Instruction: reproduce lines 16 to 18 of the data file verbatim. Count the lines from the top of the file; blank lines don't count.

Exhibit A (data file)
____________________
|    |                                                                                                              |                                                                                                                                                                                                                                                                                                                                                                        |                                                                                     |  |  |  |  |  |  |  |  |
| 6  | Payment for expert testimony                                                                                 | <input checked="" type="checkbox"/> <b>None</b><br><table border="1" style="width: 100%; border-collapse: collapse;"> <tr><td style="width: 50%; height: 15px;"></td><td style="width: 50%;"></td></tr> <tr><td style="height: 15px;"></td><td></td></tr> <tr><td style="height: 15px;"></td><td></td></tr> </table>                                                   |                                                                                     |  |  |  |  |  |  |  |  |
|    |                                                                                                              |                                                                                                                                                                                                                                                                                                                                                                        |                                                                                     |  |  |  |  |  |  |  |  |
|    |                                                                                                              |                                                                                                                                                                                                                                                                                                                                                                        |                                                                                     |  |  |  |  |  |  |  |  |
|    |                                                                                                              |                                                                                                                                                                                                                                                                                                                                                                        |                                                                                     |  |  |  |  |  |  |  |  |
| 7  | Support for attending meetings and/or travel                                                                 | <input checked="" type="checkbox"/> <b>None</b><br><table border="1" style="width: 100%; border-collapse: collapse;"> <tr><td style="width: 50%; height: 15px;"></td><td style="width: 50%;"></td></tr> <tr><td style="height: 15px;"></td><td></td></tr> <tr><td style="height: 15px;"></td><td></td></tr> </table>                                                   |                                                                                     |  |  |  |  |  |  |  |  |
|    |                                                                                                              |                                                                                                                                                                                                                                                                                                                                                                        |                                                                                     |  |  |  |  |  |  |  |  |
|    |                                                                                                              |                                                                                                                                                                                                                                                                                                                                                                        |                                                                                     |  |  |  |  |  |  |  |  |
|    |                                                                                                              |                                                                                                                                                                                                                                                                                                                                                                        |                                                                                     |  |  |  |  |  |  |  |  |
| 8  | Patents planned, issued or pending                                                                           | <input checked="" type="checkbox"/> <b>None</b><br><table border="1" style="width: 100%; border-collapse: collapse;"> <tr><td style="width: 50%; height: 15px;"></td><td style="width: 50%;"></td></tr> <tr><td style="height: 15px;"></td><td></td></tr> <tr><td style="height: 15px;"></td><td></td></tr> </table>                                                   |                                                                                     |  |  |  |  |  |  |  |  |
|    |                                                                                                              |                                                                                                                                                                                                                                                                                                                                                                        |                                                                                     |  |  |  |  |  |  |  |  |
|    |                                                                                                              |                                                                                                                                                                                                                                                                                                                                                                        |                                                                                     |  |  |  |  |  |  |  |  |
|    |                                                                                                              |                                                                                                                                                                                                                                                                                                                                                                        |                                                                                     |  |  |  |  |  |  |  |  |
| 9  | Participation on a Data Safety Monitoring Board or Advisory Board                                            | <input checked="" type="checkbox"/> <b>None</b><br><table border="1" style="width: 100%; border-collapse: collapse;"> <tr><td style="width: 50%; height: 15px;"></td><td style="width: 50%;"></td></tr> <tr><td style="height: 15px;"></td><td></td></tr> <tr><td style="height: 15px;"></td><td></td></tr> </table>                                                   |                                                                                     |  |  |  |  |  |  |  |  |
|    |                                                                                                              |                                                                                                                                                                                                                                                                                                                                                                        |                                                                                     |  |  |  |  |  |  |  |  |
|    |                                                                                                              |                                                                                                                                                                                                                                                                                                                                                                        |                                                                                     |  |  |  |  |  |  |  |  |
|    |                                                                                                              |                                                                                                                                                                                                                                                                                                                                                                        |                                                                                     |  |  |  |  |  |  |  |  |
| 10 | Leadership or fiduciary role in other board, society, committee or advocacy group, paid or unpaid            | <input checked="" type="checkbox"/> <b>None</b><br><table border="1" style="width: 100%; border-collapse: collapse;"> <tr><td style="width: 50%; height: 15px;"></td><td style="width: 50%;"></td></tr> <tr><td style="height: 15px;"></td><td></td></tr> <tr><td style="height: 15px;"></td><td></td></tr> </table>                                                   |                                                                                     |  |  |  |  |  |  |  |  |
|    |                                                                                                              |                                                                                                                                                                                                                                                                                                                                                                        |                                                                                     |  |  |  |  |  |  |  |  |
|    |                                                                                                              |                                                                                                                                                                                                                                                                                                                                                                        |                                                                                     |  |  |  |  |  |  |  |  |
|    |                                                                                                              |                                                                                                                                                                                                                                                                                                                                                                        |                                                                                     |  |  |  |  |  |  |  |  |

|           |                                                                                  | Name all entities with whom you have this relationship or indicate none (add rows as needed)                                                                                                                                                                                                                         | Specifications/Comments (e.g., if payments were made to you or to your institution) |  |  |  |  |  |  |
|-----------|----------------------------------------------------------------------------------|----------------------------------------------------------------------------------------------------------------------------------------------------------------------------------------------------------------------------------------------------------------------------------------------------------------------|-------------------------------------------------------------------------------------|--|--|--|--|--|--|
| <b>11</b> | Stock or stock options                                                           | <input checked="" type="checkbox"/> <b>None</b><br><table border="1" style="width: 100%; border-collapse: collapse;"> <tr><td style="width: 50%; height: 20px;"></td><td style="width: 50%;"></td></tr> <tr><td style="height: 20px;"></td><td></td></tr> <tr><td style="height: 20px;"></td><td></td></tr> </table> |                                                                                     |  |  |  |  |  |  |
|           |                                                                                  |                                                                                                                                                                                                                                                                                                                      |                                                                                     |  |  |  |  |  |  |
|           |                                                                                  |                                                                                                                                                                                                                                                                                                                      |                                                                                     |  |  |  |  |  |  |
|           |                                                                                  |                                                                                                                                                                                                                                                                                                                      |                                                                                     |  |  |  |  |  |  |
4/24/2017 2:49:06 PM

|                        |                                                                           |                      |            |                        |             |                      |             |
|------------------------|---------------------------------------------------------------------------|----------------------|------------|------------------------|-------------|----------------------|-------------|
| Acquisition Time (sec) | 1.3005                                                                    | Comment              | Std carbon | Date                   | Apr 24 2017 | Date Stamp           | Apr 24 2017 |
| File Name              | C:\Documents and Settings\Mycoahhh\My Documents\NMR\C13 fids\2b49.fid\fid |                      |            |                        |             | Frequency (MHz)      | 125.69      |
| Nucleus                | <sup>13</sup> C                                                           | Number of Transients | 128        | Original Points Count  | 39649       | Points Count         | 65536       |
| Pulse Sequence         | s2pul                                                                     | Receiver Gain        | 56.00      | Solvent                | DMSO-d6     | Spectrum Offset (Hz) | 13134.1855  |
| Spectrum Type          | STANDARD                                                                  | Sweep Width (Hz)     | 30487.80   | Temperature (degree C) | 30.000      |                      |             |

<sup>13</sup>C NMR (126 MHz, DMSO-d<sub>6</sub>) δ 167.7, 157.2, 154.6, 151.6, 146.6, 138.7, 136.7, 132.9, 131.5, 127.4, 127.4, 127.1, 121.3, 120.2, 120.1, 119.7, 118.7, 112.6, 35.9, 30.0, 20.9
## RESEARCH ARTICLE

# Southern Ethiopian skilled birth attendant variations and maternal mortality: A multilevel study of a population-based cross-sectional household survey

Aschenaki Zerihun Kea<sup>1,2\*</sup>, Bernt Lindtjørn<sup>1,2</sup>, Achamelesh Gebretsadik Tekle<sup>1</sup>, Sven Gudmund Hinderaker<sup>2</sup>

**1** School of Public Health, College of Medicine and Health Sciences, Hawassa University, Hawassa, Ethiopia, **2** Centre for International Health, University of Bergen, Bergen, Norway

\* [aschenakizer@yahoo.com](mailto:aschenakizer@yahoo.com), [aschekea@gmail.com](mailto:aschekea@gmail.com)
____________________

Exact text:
|    |                                                                                                              |                                                                                                                                                                                                                                                                                                                                                                        |                                                                                     |  |  |  |  |  |  |  |  |
|    |                                                                                                              |                                                                                                                                                                                                                                                                                                                                                                        |                                                                                     |  |  |  |  |  |  |  |  |
| 10 | Leadership or fiduciary role in other board, society, committee or advocacy group, paid or unpaid            | <input checked="" type="checkbox"/> <b>None</b><br><table border="1" style="width: 100%; border-collapse: collapse;"> <tr><td style="width: 50%; height: 15px;"></td><td style="width: 50%;"></td></tr> <tr><td style="height: 15px;"></td><td></td></tr> <tr><td style="height: 15px;"></td><td></td></tr> </table>                                                   |                                                                                     |  |  |  |  |  |  |  |  |